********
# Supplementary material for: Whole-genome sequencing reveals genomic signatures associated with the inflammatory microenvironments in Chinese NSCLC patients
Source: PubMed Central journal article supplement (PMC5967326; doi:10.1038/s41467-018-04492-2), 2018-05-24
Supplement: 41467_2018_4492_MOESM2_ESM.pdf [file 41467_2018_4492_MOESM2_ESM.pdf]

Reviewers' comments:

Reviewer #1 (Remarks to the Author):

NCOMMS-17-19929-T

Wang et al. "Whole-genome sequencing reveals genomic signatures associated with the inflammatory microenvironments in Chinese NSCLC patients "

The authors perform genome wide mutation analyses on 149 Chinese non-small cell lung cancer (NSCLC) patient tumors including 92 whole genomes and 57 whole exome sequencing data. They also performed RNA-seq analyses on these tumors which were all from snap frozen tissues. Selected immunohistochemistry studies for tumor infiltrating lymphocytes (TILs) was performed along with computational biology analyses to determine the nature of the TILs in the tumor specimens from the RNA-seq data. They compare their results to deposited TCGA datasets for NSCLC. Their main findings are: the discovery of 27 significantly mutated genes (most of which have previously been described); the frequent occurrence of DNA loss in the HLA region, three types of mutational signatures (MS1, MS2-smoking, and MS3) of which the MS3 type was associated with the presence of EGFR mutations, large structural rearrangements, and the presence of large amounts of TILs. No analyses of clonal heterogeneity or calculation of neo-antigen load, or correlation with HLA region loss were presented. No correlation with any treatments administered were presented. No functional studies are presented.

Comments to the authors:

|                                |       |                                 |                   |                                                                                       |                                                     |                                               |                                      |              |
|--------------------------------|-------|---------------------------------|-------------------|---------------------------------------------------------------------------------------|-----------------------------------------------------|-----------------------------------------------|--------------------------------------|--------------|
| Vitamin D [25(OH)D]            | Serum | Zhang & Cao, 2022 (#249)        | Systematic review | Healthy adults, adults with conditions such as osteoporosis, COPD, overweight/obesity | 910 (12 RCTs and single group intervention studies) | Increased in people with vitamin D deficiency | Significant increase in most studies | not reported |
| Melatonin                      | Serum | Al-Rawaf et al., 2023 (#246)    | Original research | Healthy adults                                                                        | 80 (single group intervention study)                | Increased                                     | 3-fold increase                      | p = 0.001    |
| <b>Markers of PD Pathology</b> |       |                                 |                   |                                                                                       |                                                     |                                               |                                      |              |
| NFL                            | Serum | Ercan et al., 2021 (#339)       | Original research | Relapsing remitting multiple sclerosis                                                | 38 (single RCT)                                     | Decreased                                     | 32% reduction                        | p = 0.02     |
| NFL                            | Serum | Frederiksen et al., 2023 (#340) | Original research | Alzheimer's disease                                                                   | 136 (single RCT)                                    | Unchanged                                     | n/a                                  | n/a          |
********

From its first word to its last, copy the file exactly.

# Supplementary material for: Whole-genome sequencing reveals genomic signatures associated with the inflammatory microenvironments in Chinese NSCLC patients
Source: PubMed Central journal article supplement (PMC5967326; doi:10.1038/s41467-018-04492-2), 2018-05-24
Supplement: 41467_2018_4492_MOESM2_ESM.pdf [file 41467_2018_4492_MOESM2_ESM.pdf]

Reviewers' comments:

Reviewer #1 (Remarks to the Author):

NCOMMS-17-19929-T

Wang et al. "Whole-genome sequencing reveals genomic signatures associated with the inflammatory microenvironments in Chinese NSCLC patients "

The authors perform genome wide mutation analyses on 149 Chinese non-small cell lung cancer (NSCLC) patient tumors including 92 whole genomes and 57 whole exome sequencing data. They also performed RNA-seq analyses on these tumors which were all from snap frozen tissues. Selected immunohistochemistry studies for tumor infiltrating lymphocytes (TILs) was performed along with computational biology analyses to determine the nature of the TILs in the tumor specimens from the RNA-seq data. They compare their results to deposited TCGA datasets for NSCLC. Their main findings are: the discovery of 27 significantly mutated genes (most of which have previously been described); the frequent occurrence of DNA loss in the HLA region, three types of mutational signatures (MS1, MS2-smoking, and MS3) of which the MS3 type was associated with the presence of EGFR mutations, large structural rearrangements, and the presence of large amounts of TILs. No analyses of clonal heterogeneity or calculation of neo-antigen load, or correlation with HLA region loss were presented. No correlation with any treatments administered were presented. No functional studies are presented.

Comments to the authors:

|                                |       |                                 |                   |                                                                                       |                                                     |                                               |                                      |              |
|--------------------------------|-------|---------------------------------|-------------------|---------------------------------------------------------------------------------------|-----------------------------------------------------|-----------------------------------------------|--------------------------------------|--------------|
| Vitamin D [25(OH)D]            | Serum | Zhang & Cao, 2022 (#249)        | Systematic review | Healthy adults, adults with conditions such as osteoporosis, COPD, overweight/obesity | 910 (12 RCTs and single group intervention studies) | Increased in people with vitamin D deficiency | Significant increase in most studies | not reported |
| Melatonin                      | Serum | Al-Rawaf et al., 2023 (#246)    | Original research | Healthy adults                                                                        | 80 (single group intervention study)                | Increased                                     | 3-fold increase                      | p = 0.001    |
| <b>Markers of PD Pathology</b> |       |                                 |                   |                                                                                       |                                                     |                                               |                                      |              |
| NFL                            | Serum | Ercan et al., 2021 (#339)       | Original research | Relapsing remitting multiple sclerosis                                                | 38 (single RCT)                                     | Decreased                                     | 32% reduction                        | p = 0.02     |
| NFL                            | Serum | Frederiksen et al., 2023 (#340) | Original research | Alzheimer's disease                                                                   | 136 (single RCT)                                    | Unchanged                                     | n/a                                  | n/a          |